Tiny pieces of plastic in our waste streams break down further during treatment processes, causing potentially catastrophic consequences for human health and our aquatic systems, according to a study.
Researchers from the University of Surrey in the UK and Deakins University in Australia investigated nano and microplastics in water and wastewater treatment processes. There has been substantial study of microplastics pollution, but their interaction with water and wastewater treatment processes had not been fully understood until now, researchers said.
About 300 million tonnes of plastic are produced globally each year and up to 13 million tonnes of that is released into rivers and oceans, contributing to nearly 250 million tonnes of plastic by 2025, according to the study published in the Journal of Water Research. Since plastic materials are not generally degradable through weathering or ageing, this accumulation of plastic pollution in the aquatic environment creates a major concern. The research highlights the current difficulty in detecting the presence of nano and microplastics in treatment systems.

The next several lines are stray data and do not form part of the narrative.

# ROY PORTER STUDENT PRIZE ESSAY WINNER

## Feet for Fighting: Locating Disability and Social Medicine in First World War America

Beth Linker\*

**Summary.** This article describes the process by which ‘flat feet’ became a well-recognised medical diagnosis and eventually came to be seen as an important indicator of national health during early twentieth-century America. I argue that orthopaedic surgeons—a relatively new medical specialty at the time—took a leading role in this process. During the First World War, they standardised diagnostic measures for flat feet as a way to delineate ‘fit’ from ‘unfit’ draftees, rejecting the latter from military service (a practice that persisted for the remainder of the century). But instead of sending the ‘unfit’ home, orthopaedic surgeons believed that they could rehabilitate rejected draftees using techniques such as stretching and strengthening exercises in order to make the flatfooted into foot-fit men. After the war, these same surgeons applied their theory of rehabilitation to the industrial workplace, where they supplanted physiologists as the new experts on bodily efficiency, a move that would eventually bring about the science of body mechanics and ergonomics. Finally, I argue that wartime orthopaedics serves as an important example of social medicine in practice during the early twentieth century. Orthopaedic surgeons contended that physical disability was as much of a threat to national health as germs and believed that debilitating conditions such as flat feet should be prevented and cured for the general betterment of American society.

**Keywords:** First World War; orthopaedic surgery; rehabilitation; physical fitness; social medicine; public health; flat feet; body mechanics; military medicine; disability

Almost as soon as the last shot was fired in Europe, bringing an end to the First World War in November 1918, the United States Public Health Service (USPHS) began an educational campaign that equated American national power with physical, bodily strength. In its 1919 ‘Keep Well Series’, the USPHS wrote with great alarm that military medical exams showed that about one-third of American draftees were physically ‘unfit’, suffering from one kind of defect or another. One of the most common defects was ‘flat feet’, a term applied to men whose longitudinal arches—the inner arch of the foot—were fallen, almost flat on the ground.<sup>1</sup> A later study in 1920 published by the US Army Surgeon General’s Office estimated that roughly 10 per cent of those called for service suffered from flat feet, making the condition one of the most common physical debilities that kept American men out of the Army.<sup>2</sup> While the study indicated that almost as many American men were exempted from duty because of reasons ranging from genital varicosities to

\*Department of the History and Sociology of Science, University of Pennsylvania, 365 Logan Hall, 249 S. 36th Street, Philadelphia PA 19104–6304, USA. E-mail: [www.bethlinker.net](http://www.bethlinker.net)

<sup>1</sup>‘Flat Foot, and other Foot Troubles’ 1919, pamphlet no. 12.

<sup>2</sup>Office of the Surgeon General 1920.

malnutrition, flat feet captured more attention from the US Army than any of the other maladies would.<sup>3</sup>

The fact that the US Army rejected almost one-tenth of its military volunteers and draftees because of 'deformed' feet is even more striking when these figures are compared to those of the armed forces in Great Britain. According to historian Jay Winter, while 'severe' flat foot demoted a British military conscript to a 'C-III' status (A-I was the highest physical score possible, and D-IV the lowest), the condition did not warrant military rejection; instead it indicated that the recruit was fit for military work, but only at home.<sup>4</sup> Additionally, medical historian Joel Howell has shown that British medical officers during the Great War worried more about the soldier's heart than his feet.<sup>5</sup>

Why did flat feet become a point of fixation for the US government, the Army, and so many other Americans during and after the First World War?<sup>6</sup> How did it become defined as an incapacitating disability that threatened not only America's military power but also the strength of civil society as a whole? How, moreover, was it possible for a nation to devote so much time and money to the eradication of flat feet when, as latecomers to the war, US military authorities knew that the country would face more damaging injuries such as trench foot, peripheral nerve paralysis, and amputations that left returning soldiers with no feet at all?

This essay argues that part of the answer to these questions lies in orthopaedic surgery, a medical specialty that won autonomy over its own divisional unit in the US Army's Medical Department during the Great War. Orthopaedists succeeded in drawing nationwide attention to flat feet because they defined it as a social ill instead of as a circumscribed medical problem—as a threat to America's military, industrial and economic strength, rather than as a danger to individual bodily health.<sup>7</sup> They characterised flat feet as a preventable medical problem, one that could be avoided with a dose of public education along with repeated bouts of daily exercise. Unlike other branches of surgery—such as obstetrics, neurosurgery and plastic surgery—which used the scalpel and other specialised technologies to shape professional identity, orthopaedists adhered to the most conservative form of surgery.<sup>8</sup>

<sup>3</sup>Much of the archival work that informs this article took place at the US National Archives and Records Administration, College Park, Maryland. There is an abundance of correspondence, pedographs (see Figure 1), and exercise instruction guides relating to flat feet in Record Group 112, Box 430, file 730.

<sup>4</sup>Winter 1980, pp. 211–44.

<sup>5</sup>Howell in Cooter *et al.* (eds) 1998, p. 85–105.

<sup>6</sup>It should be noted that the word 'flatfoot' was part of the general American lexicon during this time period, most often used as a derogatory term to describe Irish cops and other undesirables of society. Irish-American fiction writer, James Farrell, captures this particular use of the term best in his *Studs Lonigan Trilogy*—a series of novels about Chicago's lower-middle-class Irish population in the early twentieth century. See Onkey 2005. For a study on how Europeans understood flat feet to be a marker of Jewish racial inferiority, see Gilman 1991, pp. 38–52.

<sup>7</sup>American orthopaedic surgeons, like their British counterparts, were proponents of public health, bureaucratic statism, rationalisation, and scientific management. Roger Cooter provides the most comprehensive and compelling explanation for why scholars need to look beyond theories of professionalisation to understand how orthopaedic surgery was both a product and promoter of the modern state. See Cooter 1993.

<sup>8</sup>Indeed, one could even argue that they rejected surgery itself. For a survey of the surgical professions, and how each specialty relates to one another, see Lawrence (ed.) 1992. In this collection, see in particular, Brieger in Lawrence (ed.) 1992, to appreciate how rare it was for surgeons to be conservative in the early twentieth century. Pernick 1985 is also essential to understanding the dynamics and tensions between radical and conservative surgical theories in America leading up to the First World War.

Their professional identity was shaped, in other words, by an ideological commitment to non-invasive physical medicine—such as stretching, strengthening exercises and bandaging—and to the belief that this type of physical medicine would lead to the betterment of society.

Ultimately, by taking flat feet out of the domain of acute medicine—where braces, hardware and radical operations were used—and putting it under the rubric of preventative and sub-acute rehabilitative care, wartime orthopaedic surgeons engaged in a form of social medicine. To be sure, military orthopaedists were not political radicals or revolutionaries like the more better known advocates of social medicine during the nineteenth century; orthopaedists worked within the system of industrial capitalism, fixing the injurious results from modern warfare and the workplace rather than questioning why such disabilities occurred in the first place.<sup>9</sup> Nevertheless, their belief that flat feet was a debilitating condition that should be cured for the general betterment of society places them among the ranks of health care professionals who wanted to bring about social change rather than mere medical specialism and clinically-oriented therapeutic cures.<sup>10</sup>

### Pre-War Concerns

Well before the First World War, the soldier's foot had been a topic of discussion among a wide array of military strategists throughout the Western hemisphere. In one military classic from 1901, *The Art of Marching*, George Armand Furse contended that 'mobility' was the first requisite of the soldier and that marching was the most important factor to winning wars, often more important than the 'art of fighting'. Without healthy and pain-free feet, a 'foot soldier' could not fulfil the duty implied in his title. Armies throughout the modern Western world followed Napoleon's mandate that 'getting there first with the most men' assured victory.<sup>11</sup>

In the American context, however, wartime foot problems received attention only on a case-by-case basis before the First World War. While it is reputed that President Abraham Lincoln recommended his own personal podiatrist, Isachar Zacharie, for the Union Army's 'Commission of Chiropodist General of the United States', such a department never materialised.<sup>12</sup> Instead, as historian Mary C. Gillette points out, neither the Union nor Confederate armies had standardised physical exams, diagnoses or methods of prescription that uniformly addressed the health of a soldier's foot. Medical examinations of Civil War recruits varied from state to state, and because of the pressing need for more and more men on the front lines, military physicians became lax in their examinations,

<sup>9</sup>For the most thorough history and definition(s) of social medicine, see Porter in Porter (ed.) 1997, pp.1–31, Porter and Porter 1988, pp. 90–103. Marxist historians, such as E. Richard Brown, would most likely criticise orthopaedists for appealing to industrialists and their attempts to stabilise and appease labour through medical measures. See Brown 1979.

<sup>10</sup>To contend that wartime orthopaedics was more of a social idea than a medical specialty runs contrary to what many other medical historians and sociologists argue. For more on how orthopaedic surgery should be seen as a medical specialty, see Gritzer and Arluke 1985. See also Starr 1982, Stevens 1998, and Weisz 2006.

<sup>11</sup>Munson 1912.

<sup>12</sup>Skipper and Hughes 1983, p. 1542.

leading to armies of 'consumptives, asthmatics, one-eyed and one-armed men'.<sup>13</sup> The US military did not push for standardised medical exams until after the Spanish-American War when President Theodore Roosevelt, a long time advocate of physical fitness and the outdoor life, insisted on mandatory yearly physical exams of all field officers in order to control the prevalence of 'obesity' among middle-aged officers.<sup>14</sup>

In order to ensure water quality meets the required safety standards and to reduce threats to our ecosystems, new detection strategies are needed with the aim of limiting the number of nano and microplastics in water and wastewater treatment systems. “The presence of nano and microplastics in water has become a major environmental challenge. Due to their small size, nano and microplastics can easily be ingested by living organisms and travel along water and wastewater treatment processes,” said Judy Lee from the University of Surrey in the UK.
“In large quantities they impact the performance of water treatment processes by clogging up filtration units and increasing wear and tear on materials used in the design of water treatment units,” Lee said.